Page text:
- CHILD ABUSE POLICY AND PROCEDURES
- REPORTING CHILD ABUSE - THE REPORTING LAW
- MAKING A REPORT
- DETECTION OF CHILD ABUSE
- WHO TO CALL
- INTERVIEWING A VICTIM AT SCHOOL WHEN THE MATTER PERTAINS TO CHILD ABUSE WITHIN THE CHILD'S HOME
- EMPLOYMENT REQUIREMENTS
- PREVENTION AND PREPARATION
- WHAT TO DO WHEN ABUSE OR NEGLECT IS SUSPECTED
- INDEPENDENT FACT FINDING COMMITTEE
- A FINAL NOTE
CHILD ABUSE POLICY AND PROCEDURES #
The terms “childhood” and “innocence” are synonymous in nature. That is why the pain runs so deep for all those of good will when we learn that the innocence of a child has been harmed, and in some cases destroyed, by the experience of childhood abuse. In the Gospel, Jesus says, “Let the little ones come unto me”, and “Woe to him who brings harm to the child”. Recognizing the particular beauty, innocence, and vulnerability of children, Jesus entrusted them to our special care. Therefore, these policies and procedures have been developed to provide prompt and objective investigations of claims of abuse of children and to provide effective pastoral assistance to those who have been harmed.
As a condition of employment, those who serve the Archdiocese of San Francisco are required to follow the Policies and Procedures set forth below.
REPORTING CHILD ABUSE – THE REPORTING LAW #
While everyone should report suspected child abuse and neglect, Article 2.5 of the State of California Penal Code provides that it is a crime for certain individuals who have contact with and supervision of children (e.g., school, parish and agency teachers and administrators, coaches, etc.) not to report suspected abuse to the proper authorities. The following are excerpts and summaries of sections from the State of California Child Abuse Reporting Laws:
… any child care custodian, health practitioner, or employee of a child protective agency who has knowledge of or observes a child in his/her professional capacity or within the scope of his/hef employment whom he/she knows or reasonably suspects has been the victim of child abuse shall report the known or suspected instance of child abuse to a child protective agency immediately or as soon as practically possible by telephone and shall prepare and send a written report thereof within 36 hours of receiving the information concerning the incident. For the purposes of this article, “reasonable suspicion” means that it is objectively reasonable for a person to entertain such a suspicion, based upon facts that could cause a reasonable person in a like position, drawing when appropriate on his/her training and experience, to suspect abuse.” (Pen. Code, #11166)
Since January 1997, California law requires that clergy join childcare custodians, school personnel, health care practitioners, and other professional groups as mandated reporters of suspected child abuse. The law allows for exemptions from reporting by clergy in limited circumstances called a penitential communication, which is defined as “a communication, intended to be in confidence, including, but not limited to, a sacramental confession, made to a clergy member who, in the course of the discipline or practice of his or her church, denomination, or organization, is authorized or accustomed to hear those communications, and under the discipline, tenets, customs, or practices of his or her church, denomination, or organization, has a duty to keep those communications secret”. For Catholic clergy, this limitation, however, is only available when there is a clear religious tradition, supported by the teachings, laws and practices of the Church, that would outweigh the reporting mandate. Clearly, this exemption includes the hearing of a penitent’s confession by a priest or bishop. In cases of confidential communication apart from confession, the duty to protect children by reporting the known or suspected child abuse may, and in some instances should, prevail over the presumption of confidentiality. This would be true where a member of the clergy determines that children are currently at risk of abuse. Should a clergy member have questions about whether he must report in a given instance, he should consult with the person designated by the Diocese to provide advice on and/or coordinate these issues.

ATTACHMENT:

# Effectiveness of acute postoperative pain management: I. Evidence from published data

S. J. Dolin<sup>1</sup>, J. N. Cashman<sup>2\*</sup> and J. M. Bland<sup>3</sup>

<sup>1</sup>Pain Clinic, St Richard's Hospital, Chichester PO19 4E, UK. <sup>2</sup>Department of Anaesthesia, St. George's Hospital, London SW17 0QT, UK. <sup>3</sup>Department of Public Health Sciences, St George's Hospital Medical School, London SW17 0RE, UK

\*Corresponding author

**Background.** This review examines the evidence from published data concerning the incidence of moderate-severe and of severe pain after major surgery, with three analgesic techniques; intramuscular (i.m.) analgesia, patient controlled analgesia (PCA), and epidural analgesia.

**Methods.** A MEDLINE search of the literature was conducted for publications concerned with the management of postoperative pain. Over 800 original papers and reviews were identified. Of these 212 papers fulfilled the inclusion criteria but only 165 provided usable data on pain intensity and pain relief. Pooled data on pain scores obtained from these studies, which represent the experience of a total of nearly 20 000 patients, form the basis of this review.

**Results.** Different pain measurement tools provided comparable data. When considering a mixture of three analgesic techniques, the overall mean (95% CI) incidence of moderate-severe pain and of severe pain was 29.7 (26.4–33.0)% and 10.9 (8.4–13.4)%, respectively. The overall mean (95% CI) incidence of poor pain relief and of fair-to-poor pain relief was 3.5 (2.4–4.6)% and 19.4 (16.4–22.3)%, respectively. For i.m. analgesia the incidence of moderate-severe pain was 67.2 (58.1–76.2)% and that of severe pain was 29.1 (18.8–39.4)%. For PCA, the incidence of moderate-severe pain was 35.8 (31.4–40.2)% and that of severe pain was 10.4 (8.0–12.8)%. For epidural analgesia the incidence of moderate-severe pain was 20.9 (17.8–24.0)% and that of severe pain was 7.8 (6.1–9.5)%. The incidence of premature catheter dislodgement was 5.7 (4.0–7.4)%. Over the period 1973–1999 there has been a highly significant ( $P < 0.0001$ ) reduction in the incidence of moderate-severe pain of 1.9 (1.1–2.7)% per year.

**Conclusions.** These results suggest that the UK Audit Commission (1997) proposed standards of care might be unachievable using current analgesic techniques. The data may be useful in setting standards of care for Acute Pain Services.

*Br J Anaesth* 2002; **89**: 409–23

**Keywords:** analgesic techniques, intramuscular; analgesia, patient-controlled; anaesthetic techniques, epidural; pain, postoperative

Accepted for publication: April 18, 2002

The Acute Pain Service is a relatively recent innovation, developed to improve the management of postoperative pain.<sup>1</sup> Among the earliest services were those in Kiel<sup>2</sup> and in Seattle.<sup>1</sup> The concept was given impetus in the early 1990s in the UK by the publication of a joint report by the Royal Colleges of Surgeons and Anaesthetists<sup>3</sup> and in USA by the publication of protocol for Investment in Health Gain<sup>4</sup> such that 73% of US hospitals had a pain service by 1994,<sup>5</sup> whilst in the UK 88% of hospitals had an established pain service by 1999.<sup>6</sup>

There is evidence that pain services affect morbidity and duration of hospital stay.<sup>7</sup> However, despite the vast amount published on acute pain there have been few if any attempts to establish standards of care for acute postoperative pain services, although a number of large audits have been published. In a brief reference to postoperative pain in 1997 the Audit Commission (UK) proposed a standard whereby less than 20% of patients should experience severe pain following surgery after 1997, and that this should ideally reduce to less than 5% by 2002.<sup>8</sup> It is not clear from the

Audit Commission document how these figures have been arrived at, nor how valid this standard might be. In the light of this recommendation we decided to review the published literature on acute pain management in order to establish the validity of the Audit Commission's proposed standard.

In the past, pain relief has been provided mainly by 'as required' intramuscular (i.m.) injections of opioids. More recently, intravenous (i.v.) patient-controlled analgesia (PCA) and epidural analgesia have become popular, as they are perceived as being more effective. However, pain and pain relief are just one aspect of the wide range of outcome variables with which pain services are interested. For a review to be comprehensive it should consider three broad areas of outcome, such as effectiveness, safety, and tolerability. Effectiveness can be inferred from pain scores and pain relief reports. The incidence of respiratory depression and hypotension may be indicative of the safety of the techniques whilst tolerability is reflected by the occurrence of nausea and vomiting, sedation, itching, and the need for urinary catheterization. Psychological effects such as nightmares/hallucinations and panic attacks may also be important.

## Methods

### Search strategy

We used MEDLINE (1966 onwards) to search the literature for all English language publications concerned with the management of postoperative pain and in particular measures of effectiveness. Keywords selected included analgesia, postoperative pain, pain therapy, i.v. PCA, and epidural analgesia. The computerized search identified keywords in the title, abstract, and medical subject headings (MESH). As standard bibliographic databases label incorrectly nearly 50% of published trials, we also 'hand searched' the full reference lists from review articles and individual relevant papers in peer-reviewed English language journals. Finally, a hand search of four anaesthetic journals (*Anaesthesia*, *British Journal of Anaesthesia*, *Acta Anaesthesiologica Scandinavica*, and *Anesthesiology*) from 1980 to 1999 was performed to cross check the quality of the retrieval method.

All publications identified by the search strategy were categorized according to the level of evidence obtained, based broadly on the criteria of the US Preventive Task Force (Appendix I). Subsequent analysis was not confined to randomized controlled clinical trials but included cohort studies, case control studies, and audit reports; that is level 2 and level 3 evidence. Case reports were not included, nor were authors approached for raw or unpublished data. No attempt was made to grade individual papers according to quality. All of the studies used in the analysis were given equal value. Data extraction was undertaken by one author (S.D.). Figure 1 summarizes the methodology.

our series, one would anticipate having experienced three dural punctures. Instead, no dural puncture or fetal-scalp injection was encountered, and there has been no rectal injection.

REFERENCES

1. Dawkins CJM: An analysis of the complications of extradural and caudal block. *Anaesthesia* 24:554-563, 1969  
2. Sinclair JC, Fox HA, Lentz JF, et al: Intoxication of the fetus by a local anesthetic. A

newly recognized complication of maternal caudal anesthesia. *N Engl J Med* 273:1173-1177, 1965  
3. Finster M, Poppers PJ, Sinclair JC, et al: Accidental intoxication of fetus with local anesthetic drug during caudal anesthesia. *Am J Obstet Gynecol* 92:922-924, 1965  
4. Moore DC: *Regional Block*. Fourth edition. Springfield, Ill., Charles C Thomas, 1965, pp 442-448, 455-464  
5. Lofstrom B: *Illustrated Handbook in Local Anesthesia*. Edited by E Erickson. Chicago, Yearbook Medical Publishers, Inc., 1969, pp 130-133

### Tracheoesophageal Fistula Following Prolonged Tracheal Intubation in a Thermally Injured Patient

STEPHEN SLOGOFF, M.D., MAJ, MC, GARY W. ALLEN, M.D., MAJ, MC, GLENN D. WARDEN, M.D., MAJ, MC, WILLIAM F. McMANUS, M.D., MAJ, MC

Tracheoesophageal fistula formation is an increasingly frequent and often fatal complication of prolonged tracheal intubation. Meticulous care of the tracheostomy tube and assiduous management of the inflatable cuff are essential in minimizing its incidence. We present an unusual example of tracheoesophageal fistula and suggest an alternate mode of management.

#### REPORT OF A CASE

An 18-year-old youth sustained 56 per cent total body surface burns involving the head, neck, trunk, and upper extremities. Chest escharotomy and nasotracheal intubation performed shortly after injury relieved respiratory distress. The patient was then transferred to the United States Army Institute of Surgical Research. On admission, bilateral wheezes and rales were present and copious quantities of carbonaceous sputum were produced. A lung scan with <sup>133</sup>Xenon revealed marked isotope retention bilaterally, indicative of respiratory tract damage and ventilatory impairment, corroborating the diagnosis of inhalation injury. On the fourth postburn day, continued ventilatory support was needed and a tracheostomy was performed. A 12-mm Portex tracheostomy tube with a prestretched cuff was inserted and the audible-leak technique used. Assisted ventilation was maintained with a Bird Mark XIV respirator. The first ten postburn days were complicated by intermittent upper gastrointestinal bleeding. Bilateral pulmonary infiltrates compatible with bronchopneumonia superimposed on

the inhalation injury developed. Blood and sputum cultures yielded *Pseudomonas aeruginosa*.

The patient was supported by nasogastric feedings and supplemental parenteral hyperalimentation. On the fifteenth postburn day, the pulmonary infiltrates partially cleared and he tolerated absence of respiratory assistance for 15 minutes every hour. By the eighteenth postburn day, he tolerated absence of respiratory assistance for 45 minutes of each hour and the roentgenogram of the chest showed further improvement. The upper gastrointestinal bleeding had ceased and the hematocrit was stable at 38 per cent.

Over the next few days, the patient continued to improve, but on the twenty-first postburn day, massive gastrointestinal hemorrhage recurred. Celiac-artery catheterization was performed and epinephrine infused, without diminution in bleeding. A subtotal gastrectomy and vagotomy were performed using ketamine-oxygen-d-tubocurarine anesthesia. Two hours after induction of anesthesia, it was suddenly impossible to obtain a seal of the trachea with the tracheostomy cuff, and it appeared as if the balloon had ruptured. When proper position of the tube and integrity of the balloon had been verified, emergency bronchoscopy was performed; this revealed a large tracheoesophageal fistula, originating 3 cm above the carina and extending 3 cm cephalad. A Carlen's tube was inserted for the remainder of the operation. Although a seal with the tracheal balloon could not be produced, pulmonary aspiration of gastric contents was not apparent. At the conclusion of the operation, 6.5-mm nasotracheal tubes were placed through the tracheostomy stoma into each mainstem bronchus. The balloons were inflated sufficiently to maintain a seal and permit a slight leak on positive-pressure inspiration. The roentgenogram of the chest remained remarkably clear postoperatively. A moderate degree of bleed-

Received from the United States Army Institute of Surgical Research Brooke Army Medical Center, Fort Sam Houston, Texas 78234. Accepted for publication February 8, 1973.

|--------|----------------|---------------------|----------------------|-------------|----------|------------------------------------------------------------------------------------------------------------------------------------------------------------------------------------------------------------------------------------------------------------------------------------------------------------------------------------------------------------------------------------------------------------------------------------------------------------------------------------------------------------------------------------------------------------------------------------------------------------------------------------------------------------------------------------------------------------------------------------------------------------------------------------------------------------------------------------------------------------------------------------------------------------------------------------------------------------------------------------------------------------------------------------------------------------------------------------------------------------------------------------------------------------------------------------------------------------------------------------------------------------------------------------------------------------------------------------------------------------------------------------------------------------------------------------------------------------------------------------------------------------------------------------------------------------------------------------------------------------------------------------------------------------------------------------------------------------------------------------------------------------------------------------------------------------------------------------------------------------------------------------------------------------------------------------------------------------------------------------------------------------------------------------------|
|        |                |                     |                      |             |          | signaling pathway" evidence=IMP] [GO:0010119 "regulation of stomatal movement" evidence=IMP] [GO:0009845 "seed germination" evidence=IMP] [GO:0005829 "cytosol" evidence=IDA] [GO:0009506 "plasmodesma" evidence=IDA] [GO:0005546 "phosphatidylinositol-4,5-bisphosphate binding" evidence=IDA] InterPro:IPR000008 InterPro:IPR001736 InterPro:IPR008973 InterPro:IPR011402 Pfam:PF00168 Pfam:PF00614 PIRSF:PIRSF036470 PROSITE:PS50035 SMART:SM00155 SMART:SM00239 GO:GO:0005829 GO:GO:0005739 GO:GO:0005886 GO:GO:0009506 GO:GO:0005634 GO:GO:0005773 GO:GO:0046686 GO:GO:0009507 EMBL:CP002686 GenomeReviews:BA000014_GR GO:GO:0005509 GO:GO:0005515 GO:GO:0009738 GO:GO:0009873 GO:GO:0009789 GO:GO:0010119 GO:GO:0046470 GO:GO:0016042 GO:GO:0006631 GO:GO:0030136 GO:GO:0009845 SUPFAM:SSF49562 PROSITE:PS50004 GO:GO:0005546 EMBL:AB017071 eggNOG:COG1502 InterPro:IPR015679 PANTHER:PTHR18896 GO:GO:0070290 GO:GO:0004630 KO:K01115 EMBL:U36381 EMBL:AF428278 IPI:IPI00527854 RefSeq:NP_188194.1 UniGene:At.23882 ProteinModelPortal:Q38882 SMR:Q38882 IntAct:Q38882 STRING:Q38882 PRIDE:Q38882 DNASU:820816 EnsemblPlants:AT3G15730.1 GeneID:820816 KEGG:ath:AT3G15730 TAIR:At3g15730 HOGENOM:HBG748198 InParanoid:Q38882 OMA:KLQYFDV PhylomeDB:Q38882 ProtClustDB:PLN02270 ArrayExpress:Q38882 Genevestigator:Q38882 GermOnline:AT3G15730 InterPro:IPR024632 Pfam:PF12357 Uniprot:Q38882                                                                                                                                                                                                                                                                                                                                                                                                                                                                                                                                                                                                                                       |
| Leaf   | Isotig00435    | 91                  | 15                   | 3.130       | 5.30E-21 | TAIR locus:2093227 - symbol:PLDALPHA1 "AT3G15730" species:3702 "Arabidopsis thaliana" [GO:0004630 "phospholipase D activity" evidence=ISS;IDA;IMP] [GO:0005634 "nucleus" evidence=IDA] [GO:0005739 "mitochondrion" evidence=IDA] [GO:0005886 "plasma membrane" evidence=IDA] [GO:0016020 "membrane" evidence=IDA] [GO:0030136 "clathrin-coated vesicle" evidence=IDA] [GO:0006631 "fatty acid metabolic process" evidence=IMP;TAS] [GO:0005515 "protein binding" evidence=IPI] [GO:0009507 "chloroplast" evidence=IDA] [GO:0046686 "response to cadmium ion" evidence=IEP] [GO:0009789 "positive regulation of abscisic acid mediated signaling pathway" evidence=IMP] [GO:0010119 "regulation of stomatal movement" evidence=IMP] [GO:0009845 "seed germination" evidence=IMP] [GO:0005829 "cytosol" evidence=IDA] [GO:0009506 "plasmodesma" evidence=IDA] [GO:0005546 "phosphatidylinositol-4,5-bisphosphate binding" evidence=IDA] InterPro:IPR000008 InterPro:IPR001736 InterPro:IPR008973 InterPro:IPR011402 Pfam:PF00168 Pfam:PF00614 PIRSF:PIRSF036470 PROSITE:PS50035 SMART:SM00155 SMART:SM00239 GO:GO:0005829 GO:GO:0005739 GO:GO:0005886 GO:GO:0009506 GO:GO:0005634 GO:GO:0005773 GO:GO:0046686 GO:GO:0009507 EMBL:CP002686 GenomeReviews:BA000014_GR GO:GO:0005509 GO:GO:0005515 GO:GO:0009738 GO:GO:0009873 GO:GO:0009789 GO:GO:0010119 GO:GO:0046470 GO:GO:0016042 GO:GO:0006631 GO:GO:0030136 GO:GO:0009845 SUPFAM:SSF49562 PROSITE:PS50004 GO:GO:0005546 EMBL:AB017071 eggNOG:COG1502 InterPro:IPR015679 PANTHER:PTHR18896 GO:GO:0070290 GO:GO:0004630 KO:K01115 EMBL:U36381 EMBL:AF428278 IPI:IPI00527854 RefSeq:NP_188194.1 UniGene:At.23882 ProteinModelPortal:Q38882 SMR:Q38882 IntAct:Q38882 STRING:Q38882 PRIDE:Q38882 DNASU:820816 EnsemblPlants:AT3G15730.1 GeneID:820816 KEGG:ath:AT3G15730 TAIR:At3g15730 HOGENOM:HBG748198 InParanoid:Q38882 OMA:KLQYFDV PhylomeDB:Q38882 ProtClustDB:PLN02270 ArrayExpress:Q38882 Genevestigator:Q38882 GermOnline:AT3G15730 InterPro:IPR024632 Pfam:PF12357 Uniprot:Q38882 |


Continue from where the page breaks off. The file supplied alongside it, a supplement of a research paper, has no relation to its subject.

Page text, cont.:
- Failure to report by telephone immediately or as soon as practically possible, and then in writing within 36 hours, is a misdemeanor “punishable by confinement in the county jail; for a term not to exceed six months or by a fine of not more than $1000 or both”.
- Those required to report should be aware that mere reporting does not necessarily mean that a civil or criminal proceeding will be initiated against the suspected abuser.
- The written reports that mandated reporters must submit within 36 hours must be on a Department of Justice form.
- The reporting duties (and statutory penalties for failing to report) of a mandated reporter are individual, and cannot be delegated to another individual. Supervisors or administrators may not impede or inhibit reporting by a mandated reporter, nor may they take any actions against the reporter for making a report. However, it is appropriate to establish internal procedures to facilitate reporting and apprise supervisors and administrators of reports so long as these procedures are not inconsistent with the reporting law.
- Mandated reporters of child abuse are immune from civil or criminal liability. C. DEFINITIONS
is defined as a person under the age of 18 years.